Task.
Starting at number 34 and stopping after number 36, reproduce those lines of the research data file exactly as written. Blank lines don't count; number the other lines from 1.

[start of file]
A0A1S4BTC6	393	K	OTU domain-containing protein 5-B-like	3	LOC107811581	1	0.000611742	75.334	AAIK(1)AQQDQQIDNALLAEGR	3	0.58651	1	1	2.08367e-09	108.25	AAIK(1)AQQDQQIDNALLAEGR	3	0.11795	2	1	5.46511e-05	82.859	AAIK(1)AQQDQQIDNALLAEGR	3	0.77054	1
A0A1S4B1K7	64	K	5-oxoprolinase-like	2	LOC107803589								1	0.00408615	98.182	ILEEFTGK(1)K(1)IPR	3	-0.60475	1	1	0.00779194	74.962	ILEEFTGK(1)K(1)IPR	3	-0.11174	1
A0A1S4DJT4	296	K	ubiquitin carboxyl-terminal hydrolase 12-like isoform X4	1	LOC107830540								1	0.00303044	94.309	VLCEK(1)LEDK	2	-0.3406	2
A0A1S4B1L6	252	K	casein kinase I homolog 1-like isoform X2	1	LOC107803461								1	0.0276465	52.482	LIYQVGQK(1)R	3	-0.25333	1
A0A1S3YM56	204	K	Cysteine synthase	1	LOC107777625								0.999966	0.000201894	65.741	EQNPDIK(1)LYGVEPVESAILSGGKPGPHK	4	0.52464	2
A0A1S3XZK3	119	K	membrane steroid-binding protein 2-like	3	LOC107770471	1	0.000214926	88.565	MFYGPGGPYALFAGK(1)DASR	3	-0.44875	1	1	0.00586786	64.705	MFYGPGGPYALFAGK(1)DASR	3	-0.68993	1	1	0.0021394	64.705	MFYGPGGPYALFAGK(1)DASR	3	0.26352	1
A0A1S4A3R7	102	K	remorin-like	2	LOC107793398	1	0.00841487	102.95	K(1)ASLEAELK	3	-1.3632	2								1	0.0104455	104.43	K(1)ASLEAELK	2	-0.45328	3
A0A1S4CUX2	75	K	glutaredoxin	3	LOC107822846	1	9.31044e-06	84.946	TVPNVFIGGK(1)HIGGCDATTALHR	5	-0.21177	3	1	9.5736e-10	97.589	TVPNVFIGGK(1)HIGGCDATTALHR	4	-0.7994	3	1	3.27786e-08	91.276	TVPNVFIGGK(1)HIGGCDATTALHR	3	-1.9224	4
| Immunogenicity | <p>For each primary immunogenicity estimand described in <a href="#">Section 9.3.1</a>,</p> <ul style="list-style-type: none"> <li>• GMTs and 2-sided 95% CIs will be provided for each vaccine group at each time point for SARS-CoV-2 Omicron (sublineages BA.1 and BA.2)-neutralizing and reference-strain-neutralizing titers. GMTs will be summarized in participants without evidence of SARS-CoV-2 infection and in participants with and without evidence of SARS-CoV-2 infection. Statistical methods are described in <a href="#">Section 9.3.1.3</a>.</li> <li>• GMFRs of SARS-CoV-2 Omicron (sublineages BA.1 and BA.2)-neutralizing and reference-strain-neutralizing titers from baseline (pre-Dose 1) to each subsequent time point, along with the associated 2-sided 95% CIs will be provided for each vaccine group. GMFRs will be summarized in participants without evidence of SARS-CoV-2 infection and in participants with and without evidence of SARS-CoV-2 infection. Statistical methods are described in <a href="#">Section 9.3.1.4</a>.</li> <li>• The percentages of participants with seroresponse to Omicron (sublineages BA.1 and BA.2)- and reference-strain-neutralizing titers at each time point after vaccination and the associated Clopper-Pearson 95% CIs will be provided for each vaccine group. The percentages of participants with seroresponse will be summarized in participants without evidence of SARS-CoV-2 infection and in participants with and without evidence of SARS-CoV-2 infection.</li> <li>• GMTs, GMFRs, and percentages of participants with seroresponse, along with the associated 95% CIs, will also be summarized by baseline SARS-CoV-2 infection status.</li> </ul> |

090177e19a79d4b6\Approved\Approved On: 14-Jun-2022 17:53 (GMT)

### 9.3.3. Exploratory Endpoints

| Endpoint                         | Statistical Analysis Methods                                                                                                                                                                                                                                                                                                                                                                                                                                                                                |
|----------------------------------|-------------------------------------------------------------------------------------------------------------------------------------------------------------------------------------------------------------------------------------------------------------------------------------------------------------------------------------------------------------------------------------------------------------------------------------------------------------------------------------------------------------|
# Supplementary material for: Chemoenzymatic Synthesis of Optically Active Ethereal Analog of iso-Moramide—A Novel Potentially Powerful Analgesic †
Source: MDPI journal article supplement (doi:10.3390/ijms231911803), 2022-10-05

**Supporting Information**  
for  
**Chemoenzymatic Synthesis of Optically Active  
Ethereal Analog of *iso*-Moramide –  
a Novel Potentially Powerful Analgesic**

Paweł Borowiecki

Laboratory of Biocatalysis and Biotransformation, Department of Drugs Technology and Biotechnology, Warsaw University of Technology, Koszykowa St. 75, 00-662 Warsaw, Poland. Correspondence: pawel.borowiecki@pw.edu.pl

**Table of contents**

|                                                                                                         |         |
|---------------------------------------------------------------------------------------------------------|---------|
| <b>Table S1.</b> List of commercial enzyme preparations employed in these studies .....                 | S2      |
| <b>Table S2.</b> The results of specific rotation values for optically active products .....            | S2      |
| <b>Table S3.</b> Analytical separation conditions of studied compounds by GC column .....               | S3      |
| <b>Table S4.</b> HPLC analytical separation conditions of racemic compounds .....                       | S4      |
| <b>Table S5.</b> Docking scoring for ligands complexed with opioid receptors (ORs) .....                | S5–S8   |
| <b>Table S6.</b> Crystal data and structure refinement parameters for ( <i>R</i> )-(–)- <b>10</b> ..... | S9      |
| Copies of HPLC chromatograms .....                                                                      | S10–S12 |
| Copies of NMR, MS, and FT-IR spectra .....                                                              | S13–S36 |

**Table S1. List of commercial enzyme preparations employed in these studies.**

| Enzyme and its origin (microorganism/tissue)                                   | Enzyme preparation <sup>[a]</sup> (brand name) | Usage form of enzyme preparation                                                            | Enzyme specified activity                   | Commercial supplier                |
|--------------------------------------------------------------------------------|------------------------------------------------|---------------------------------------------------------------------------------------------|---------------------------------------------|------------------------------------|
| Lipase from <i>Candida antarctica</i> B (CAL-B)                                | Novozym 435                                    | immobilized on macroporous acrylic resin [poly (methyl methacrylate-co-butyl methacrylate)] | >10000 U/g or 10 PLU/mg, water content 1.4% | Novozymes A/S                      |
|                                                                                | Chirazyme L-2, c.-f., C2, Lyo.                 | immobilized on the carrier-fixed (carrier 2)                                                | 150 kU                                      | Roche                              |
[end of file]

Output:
**Table S1. List of commercial enzyme preparations employed in these studies.**

| Enzyme and its origin (microorganism/tissue)                                   | Enzyme preparation <sup>[a]</sup> (brand name) | Usage form of enzyme preparation                                                            | Enzyme specified activity                   | Commercial supplier                |
|--------------------------------------------------------------------------------|------------------------------------------------|---------------------------------------------------------------------------------------------|---------------------------------------------|------------------------------------|